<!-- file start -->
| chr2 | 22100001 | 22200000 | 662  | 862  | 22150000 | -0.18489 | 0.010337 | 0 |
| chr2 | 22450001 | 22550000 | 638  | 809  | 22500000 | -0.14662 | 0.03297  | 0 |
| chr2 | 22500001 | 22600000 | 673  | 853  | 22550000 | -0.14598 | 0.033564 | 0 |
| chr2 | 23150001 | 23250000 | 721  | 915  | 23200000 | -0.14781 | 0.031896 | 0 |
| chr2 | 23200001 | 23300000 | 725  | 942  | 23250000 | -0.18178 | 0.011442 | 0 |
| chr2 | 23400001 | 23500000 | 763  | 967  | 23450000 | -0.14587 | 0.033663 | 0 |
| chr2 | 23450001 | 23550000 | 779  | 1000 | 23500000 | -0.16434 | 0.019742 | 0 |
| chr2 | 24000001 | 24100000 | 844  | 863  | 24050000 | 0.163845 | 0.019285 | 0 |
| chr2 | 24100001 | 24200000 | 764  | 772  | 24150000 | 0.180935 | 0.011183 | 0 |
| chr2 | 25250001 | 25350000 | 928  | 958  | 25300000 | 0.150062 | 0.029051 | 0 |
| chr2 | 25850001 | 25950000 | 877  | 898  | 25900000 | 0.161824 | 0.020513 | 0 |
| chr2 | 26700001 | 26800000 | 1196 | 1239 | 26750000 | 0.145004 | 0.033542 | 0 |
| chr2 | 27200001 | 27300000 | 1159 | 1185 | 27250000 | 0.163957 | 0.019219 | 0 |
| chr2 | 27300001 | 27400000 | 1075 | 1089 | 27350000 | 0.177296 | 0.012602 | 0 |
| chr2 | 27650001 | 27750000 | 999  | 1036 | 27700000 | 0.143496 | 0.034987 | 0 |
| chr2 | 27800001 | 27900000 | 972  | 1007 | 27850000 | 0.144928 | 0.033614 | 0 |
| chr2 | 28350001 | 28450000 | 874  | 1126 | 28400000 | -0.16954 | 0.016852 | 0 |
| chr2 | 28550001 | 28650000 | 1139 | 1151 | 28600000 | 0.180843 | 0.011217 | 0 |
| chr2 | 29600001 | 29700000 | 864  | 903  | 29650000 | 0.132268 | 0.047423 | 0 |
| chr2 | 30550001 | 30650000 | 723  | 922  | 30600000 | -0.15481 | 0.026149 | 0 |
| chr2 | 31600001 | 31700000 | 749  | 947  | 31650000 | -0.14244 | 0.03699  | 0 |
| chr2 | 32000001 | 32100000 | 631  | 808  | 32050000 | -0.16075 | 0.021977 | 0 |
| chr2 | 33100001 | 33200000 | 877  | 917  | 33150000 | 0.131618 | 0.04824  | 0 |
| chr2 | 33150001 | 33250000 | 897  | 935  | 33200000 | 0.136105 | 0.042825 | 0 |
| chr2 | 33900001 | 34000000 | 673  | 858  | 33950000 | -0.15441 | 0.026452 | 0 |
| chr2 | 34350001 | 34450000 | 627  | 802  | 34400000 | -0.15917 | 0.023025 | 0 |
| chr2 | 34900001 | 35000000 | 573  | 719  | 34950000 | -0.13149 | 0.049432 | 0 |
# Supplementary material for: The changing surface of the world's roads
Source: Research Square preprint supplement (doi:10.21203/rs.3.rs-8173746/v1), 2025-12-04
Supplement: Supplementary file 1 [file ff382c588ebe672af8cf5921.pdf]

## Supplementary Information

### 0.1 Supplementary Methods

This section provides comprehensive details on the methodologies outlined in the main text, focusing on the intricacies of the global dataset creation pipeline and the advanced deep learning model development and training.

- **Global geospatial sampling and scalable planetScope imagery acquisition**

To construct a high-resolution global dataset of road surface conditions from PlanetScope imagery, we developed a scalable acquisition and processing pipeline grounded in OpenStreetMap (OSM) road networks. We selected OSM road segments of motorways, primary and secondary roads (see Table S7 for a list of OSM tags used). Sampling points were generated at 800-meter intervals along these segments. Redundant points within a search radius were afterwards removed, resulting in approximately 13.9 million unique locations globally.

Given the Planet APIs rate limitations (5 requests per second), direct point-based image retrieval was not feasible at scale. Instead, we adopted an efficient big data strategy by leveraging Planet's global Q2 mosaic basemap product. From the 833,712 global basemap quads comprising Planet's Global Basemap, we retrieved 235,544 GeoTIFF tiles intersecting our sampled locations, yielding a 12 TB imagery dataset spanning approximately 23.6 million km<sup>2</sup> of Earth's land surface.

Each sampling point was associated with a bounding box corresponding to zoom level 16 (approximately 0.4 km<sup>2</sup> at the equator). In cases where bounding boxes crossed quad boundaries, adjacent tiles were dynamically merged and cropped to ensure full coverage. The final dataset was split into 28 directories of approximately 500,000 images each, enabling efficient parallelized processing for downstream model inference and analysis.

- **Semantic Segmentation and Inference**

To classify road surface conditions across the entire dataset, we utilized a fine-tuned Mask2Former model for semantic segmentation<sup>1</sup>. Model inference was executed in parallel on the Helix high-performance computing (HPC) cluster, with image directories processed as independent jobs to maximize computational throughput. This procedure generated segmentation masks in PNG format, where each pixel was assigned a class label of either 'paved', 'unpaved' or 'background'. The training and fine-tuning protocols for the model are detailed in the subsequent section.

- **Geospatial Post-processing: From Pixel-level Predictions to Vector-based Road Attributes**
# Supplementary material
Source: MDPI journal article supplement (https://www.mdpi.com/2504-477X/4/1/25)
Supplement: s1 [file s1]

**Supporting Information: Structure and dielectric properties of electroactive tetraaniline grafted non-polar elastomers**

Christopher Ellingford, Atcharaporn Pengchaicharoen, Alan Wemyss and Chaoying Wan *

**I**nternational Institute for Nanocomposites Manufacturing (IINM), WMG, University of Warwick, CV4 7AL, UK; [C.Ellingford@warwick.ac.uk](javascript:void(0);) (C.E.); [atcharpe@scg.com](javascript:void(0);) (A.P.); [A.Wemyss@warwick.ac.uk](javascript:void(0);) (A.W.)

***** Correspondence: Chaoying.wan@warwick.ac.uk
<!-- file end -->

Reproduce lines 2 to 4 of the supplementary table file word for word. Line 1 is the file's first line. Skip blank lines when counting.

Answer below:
| chr2 | 22450001 | 22550000 | 638  | 809  | 22500000 | -0.14662 | 0.03297  | 0 |
| chr2 | 22500001 | 22600000 | 673  | 853  | 22550000 | -0.14598 | 0.033564 | 0 |
| chr2 | 23150001 | 23250000 | 721  | 915  | 23200000 | -0.14781 | 0.031896 | 0 |